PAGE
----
The silence of the trail. The quickened heart-beat at the glimpse of a doe and her twin fawns. The smell of the dirt after a rain. The softness of the layers of leaves and duff under the feet. A 20-minute walk in the woods can awaken all of the senses. But, how can we, as adults, make a moment like this stick with kids?
When we give kids the ability to relate what they experience (see, hear, touch, taste, and smell) with how they feel, we empower them to be empathetic, and think critically. One way to give kids the opportunity to connect with travel is by journaling.
Table of Contents
Why journal while traveling
Journaling has been a powerful tool for our family and our 5-year-old. Open-ended questions and blank space allow a child to think freely and express whatever needs to be expressed. (Sometimes, this means a picture about a rhinoceros when we spent the day visiting a snow-covered mountain, and that’s okay.) What’s great about a journal is that adults get the opportunity to learn what peaked that child’s interest, passion, and what pulls at his/her heart-strings as well as what wasn’t understood or glossed over. These journals lead to deeper meaningful conversations about the experiences and their effect on a child’s life.
When to journal
It has worked well for our family to use a travel journal as a transition to a time of settling down. Since my son is still young, this means either rest time, while we prepare a meal, or before bed. We’ve also found that it works well to use when he gets over-stimulated. Between adventures or after a busy day, journaling has helped him to recount his experiences, while allowing his body to regulate itself so that he is ready to take in more adventures. Kids’ sensory systems can process less than adults before their minds can’t take in any more (hence the meltdowns or apathy that happen to even the usually most well-behaved, compliant child). In my time traveling with little ones, as a camp counselor, and as a licensed social worker, I’ve learned that we must give the kids the space to process as we go along.
Where to journal
There are lots of places where a child can journal no matter where a trip may take you. We’ve journaled at a rest stop, in hotel rooms, at picnic tables, in parks, restaurants, and around the campfire. (If carsickness doesn’t plague your family, it’s a great activity for a drive as well.) The location itself doesn’t really matter. What is important is making sure that the environment is conducive to thinking. What that looks like will vary depending on your family. For instance, I know that I’m going to be able to process better, and be more effective if I’ve eaten, am still, and in relative silence (or at least white noise). This is when I’m finally able to allow my brain to catch up with everything that it has taken in. But, silence for some people is deafening, and a loud place where they can be creative and move their bodies is going to be more effective.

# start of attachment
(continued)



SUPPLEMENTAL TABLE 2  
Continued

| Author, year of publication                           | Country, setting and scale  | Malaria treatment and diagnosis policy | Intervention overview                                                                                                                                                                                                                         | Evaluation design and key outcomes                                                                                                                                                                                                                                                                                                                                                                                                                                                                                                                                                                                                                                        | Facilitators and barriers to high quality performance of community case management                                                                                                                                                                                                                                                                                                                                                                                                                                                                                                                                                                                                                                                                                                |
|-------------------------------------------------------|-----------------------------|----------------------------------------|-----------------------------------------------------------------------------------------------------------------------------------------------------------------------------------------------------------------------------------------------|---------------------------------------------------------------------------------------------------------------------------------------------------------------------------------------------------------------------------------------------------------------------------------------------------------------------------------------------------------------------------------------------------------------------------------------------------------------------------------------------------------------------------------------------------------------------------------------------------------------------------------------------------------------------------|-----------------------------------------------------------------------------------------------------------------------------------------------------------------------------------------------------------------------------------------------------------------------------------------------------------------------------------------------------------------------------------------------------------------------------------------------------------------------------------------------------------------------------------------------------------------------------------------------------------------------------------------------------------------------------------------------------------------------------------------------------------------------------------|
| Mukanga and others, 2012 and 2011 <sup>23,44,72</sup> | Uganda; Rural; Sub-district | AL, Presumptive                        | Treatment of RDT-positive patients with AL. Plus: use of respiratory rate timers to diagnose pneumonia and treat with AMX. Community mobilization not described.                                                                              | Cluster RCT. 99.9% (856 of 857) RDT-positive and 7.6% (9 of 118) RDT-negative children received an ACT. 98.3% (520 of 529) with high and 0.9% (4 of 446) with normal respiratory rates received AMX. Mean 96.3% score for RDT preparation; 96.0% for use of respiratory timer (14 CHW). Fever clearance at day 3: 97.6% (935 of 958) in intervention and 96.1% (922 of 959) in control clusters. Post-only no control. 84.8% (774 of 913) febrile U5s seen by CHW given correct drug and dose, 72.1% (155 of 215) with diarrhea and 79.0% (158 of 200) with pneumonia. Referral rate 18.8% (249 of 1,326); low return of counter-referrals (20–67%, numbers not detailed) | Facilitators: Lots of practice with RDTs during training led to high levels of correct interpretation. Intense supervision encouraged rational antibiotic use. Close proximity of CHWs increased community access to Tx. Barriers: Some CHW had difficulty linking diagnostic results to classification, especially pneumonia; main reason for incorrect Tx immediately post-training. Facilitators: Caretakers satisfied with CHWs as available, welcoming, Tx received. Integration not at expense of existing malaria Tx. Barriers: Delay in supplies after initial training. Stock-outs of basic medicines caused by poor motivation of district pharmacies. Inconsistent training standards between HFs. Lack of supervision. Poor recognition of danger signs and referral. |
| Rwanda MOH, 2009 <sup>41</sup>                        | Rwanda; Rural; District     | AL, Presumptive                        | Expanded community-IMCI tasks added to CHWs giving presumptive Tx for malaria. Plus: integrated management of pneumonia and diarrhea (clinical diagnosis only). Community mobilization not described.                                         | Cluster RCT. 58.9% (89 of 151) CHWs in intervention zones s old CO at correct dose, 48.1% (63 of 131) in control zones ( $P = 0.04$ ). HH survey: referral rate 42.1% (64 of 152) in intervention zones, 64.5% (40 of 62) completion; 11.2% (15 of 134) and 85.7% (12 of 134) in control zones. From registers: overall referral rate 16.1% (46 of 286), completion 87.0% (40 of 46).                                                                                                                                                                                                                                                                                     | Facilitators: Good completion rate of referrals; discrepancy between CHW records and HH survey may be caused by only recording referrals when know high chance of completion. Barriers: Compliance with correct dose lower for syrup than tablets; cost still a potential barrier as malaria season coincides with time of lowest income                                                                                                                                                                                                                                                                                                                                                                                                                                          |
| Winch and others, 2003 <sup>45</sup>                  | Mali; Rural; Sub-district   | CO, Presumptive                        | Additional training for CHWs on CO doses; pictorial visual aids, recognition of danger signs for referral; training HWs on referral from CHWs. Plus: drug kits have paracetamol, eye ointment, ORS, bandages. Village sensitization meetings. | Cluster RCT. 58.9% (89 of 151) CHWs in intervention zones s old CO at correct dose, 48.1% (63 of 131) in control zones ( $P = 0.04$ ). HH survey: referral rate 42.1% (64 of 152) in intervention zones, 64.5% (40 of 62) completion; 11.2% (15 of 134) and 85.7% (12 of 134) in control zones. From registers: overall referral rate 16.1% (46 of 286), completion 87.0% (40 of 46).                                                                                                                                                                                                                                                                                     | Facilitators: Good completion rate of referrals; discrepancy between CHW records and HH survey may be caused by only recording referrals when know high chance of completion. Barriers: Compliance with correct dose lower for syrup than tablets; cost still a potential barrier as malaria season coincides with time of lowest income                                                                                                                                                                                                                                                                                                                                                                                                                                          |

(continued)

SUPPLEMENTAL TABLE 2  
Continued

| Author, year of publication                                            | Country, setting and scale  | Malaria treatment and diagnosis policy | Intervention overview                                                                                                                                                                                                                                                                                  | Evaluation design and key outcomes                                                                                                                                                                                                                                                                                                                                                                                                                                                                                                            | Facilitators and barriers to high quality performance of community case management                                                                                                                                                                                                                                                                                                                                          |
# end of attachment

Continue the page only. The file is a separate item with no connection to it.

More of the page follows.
But my child hates writing, aren’t there other options?
Definitely! For some families, the thought of having a writing time each day during a trip could produce tears (both from parents and kids). While writing is important, the goal of journaling (at least as we are discussing in this post), is to create meaning from experiences. If writing doesn’t provide that for your child, then by all means, use another tool that will.
Some other ideas for giving space to process depending on the child’s learning style and personality can include:
- Creating a collage
- Taking photographs/videos
- Responding verbally to questions in the journal
- Audio journaling using a voice recorder
- Building/Creating (Use LEGOS, dolls, sticks, clay, or other manipulatives to re-create touch points from the day.)
- Acting the answers out.
*For more insight on travel journaling check out our posts Road School: Crafting an Engaging Educational Trip for Kids.
Free Printable: A weekend journal for Trekaroo readers
To help get your family started on travel journaling, we’ve created three 3-day journals perfect for a weekend getaway or a short trip. The journals are filled with daily open-ended questions that are meant to build upon each other, and to be used on any trip. All align with Common Core ELA Standards in that they engage critical thinking, and can be used cross-discipline. A trip to the Grand Canyon, for example, would likely produce a journal filled with history and geology. (Always check with your child’s teacher to ensure that a journal would be acceptable in his/her class.) The first day focuses on identification, specifically, identifying something that they’ve experienced. Day two focuses on connection, connecting what they’ve experienced with how they feel. Day three culminates in student critical thinking by asking a transformative question, how what they’ve experienced impacted them. We hope you enjoy them.
Share in the comments, How have you used a travel journal with your family?
Looking for more in our Road School Series? Check out this landing page with links to all of our Road School Guides.